C. Raja Mohan maintained in the centrist Hindu (5/8):  "The time has come, many analysts in Pakistan believe, for Islamabad to put 'Pakistan First' in its national strategy.  They argue that Pakistan's magnificent obsession to 'liberate Kashmir' at any cost since the late 1980s has turned out to be disastrous....  The success of the peace process between India and Pakistan, hopes for which have risen in recent days, will depend a lot on whether Islamabad has learnt any lessons from the 1990s and is willing to adopt a new course....  If the present economic trends continue, there is a fate worse than this awaiting Islamabad.  Bangladesh, until recently considered the basket case of the region, is poised to beat Pakistan.  A combination of factors has made it inevitable that Bangladesh will soon have a larger economic standing than Pakistan....  Equally shocking for Pakistan are other social indicators.  In Pakistan, the mortality rate for children under five has barely come down from 128 in 1990 to 109 in 2000....  The search for political parity with India has been the primary motivating factor driving the Pakistani establishment.  Assuming there is no decline in this ardor, Pakistan will have to grow much faster than India to maintain any semblance of equality with India.  To stay even close to India, Pakistan requires massive internal reforms.  And the success of that reform would demand a respite in the hostilities with India if not genuine peace....  India, however, should not allow the negative signals from Pakistan to undermine its peace initiative.  While demanding movement on the questions of trade and cross-border terrorism before a formal dialogue can begin, India must continue to build on the small steps the two sides have broadly agreed.  In addition, India must also put forward another set of confidence-building measures to keep the peace process rolling along."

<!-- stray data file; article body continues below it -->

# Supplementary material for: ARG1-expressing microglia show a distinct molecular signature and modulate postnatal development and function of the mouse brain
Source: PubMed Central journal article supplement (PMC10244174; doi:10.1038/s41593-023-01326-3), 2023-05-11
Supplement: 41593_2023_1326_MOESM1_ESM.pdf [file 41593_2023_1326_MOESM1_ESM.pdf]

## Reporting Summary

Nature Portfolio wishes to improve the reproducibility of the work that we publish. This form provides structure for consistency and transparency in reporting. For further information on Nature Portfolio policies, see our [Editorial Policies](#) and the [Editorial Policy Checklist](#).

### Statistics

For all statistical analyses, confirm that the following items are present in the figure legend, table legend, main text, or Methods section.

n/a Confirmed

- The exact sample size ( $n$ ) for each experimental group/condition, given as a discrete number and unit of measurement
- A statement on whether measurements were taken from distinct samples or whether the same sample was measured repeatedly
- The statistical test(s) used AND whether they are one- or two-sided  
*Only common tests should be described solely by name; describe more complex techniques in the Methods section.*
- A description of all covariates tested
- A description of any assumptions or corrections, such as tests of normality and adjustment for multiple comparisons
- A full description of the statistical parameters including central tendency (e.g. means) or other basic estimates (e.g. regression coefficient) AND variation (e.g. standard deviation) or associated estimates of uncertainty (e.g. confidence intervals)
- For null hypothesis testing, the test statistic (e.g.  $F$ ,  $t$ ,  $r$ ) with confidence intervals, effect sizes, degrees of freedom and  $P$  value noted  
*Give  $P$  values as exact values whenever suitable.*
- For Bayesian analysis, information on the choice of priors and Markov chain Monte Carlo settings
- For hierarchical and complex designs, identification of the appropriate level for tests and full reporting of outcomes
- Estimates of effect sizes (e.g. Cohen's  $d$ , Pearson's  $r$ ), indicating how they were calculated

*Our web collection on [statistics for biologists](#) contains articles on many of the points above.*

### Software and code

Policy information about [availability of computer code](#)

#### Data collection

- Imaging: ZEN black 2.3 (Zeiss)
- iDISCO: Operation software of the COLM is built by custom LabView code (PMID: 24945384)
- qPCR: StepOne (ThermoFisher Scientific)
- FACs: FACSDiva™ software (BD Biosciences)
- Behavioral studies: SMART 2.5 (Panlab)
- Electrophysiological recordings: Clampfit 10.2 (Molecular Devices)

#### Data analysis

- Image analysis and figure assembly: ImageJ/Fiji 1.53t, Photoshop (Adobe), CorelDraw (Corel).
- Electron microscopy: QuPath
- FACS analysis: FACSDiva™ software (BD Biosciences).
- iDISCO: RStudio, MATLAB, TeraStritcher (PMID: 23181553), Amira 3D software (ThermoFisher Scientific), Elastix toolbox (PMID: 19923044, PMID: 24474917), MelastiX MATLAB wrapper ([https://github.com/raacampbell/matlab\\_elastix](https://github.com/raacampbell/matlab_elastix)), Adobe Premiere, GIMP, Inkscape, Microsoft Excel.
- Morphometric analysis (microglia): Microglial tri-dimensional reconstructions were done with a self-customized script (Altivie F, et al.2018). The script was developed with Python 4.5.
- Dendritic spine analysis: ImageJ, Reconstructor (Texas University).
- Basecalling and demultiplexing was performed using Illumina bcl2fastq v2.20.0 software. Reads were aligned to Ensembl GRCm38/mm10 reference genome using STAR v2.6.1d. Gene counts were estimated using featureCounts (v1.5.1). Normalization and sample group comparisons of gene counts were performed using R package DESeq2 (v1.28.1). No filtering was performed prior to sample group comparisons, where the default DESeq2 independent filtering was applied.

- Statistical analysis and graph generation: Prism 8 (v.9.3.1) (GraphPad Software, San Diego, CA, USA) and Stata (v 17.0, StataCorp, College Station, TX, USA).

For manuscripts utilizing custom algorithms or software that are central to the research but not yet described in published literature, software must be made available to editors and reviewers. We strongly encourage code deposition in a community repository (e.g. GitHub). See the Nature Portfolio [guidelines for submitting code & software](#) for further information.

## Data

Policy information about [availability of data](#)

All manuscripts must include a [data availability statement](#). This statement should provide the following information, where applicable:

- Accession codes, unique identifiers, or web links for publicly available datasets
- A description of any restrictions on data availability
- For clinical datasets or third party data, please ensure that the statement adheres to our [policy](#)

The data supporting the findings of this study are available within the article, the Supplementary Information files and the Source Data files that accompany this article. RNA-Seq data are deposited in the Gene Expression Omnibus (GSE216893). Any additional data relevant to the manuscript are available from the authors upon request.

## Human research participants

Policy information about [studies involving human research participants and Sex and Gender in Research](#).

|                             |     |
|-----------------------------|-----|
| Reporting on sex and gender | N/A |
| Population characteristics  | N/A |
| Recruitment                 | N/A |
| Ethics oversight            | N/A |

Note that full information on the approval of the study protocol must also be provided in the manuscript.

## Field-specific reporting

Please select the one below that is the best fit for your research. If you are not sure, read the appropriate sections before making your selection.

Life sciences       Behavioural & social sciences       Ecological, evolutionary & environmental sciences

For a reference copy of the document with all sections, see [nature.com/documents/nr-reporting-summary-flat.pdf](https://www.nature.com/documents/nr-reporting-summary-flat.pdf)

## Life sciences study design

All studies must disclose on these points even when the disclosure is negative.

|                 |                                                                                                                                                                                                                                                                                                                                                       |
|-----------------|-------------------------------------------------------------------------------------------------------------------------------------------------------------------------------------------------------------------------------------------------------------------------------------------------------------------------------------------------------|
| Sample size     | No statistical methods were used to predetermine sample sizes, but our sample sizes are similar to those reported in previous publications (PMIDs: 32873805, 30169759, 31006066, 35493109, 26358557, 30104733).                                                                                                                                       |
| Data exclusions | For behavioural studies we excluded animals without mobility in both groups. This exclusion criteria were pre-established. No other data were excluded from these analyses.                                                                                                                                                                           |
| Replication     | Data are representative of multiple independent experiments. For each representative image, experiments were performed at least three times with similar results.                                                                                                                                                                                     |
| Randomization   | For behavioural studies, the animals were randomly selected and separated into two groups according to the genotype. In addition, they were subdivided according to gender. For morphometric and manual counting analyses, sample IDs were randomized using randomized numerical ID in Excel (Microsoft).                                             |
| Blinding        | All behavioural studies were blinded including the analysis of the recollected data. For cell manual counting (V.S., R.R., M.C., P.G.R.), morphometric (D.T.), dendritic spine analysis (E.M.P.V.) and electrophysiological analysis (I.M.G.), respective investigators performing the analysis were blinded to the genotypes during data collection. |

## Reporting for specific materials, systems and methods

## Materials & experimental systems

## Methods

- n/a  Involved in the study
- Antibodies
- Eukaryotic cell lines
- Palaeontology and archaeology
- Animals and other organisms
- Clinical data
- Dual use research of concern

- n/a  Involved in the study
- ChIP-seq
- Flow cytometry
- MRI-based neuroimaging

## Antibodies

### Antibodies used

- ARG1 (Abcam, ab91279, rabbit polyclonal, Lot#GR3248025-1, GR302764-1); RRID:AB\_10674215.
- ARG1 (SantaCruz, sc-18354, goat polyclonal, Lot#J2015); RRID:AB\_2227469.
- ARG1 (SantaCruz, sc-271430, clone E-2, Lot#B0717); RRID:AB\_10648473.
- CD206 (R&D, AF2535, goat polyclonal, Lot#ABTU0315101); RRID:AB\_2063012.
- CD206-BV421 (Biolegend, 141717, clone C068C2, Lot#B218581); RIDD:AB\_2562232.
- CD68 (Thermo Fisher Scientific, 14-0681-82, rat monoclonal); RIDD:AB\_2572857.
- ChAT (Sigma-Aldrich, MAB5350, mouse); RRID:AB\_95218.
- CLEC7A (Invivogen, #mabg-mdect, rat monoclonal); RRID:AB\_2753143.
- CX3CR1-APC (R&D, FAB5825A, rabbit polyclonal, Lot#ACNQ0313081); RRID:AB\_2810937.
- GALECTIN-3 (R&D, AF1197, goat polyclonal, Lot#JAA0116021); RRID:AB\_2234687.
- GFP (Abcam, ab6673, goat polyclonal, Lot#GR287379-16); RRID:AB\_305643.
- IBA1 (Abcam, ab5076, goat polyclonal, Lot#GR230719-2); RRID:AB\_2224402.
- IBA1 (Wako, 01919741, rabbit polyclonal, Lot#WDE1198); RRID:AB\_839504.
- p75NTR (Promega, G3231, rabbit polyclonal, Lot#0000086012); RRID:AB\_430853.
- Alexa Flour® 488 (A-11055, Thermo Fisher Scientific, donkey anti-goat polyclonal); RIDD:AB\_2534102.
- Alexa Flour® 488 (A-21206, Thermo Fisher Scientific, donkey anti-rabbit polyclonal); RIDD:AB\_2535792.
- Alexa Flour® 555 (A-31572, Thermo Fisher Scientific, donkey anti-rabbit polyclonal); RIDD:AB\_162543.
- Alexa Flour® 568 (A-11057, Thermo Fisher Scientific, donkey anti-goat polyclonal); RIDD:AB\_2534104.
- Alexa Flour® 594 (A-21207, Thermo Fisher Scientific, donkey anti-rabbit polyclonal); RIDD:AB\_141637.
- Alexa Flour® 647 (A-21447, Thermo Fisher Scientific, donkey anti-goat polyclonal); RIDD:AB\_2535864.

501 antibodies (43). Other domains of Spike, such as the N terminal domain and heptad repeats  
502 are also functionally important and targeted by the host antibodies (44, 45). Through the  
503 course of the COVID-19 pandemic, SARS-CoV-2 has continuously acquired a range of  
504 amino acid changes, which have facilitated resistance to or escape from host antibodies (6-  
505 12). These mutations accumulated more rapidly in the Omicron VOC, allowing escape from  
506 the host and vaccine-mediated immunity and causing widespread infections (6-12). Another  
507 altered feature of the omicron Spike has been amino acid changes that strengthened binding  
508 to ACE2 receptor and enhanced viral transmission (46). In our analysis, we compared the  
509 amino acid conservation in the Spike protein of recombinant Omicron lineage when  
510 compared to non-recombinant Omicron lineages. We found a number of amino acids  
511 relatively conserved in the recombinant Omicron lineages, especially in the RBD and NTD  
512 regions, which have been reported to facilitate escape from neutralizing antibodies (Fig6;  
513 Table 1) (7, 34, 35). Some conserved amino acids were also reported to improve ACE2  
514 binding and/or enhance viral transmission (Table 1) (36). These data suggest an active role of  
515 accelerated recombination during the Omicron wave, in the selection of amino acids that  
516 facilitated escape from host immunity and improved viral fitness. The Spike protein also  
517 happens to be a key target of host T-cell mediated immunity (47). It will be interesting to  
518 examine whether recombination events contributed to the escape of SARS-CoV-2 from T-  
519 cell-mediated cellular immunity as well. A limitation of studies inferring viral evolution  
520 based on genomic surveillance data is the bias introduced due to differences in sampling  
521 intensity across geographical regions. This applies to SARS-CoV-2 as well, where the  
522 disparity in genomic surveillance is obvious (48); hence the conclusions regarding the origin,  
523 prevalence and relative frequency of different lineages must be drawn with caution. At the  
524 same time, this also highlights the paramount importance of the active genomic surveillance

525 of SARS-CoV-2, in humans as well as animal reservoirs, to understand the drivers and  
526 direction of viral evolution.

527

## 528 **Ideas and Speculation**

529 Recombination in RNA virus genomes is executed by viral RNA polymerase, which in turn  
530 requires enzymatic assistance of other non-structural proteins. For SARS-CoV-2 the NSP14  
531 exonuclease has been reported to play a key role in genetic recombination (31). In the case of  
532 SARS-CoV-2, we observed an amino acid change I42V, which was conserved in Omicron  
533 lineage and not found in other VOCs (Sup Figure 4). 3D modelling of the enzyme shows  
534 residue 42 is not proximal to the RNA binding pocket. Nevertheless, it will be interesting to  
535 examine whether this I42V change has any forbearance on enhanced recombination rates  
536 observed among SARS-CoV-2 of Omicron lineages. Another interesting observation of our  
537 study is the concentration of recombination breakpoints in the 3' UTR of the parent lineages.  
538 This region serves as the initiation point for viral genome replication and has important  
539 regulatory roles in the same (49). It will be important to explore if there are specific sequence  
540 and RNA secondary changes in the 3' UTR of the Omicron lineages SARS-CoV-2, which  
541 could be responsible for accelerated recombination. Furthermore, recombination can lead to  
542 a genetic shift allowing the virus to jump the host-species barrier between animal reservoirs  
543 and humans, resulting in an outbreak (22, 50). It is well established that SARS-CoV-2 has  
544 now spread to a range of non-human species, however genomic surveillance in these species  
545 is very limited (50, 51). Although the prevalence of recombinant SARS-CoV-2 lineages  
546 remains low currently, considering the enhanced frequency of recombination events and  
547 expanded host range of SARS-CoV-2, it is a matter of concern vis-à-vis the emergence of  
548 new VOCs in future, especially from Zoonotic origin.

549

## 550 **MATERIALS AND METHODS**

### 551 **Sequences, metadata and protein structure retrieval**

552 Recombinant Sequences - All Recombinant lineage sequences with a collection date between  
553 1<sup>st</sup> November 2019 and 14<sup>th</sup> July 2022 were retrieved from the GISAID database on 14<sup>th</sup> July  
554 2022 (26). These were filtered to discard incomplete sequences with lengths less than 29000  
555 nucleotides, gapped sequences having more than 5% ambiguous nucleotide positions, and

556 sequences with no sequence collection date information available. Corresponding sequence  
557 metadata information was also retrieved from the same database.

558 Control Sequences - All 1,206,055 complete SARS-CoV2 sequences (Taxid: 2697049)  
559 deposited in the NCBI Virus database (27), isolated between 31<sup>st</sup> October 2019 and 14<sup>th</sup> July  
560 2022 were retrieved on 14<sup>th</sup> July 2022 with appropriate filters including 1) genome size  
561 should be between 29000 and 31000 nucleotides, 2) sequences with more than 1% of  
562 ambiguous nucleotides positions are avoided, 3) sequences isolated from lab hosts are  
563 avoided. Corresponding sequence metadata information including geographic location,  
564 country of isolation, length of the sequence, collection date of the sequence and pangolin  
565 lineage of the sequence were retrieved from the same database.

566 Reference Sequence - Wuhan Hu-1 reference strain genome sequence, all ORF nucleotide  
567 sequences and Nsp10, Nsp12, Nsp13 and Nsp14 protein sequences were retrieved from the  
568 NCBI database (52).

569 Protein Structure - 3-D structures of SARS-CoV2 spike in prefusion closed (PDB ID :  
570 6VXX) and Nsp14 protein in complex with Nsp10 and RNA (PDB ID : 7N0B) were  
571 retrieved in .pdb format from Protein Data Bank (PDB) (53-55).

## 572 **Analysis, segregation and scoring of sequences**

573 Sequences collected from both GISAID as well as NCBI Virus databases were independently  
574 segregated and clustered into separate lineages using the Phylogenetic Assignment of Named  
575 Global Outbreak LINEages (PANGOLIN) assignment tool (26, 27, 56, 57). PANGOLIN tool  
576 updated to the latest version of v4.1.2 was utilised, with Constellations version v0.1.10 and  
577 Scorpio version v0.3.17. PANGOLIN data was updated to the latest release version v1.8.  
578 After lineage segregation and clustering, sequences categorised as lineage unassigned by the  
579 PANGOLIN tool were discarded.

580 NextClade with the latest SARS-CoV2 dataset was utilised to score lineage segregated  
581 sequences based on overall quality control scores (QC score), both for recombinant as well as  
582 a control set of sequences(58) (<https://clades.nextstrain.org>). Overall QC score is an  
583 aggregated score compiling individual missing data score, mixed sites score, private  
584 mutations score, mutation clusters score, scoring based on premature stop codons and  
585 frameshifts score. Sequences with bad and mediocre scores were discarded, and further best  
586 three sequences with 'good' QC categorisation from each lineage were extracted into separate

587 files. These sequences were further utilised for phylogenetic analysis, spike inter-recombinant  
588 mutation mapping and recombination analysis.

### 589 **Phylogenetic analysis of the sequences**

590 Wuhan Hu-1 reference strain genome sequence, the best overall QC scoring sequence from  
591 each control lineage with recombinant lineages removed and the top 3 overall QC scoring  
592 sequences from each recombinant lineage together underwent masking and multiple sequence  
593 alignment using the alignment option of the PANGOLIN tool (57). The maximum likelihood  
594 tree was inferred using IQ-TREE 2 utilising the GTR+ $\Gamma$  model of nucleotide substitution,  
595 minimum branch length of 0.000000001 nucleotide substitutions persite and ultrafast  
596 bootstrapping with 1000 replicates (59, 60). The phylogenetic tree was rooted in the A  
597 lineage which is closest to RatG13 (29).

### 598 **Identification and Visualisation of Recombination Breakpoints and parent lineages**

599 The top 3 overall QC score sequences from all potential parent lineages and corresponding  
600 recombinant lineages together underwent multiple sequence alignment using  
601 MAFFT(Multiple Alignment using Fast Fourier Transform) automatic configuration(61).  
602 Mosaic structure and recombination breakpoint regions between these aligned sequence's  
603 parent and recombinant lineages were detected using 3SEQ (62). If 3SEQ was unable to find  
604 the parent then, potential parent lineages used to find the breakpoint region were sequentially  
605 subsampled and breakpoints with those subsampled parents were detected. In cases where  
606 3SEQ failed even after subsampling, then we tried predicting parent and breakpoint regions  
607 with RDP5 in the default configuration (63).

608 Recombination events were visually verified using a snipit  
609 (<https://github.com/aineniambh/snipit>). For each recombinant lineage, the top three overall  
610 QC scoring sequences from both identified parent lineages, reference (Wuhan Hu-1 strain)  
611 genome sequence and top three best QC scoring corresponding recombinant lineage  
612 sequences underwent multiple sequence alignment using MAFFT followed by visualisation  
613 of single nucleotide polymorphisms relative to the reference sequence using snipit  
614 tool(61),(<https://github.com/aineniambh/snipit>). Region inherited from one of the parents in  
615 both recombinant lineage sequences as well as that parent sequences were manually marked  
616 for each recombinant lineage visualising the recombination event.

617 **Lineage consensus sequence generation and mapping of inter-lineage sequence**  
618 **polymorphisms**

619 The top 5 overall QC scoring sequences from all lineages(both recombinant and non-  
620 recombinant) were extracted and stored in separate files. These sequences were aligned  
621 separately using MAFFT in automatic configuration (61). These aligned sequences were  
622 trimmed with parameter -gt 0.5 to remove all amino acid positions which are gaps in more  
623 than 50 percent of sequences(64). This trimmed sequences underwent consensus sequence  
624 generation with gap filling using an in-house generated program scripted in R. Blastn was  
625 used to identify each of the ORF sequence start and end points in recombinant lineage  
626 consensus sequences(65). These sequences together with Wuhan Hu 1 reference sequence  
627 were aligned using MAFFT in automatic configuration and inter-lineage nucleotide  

"Bombs Away"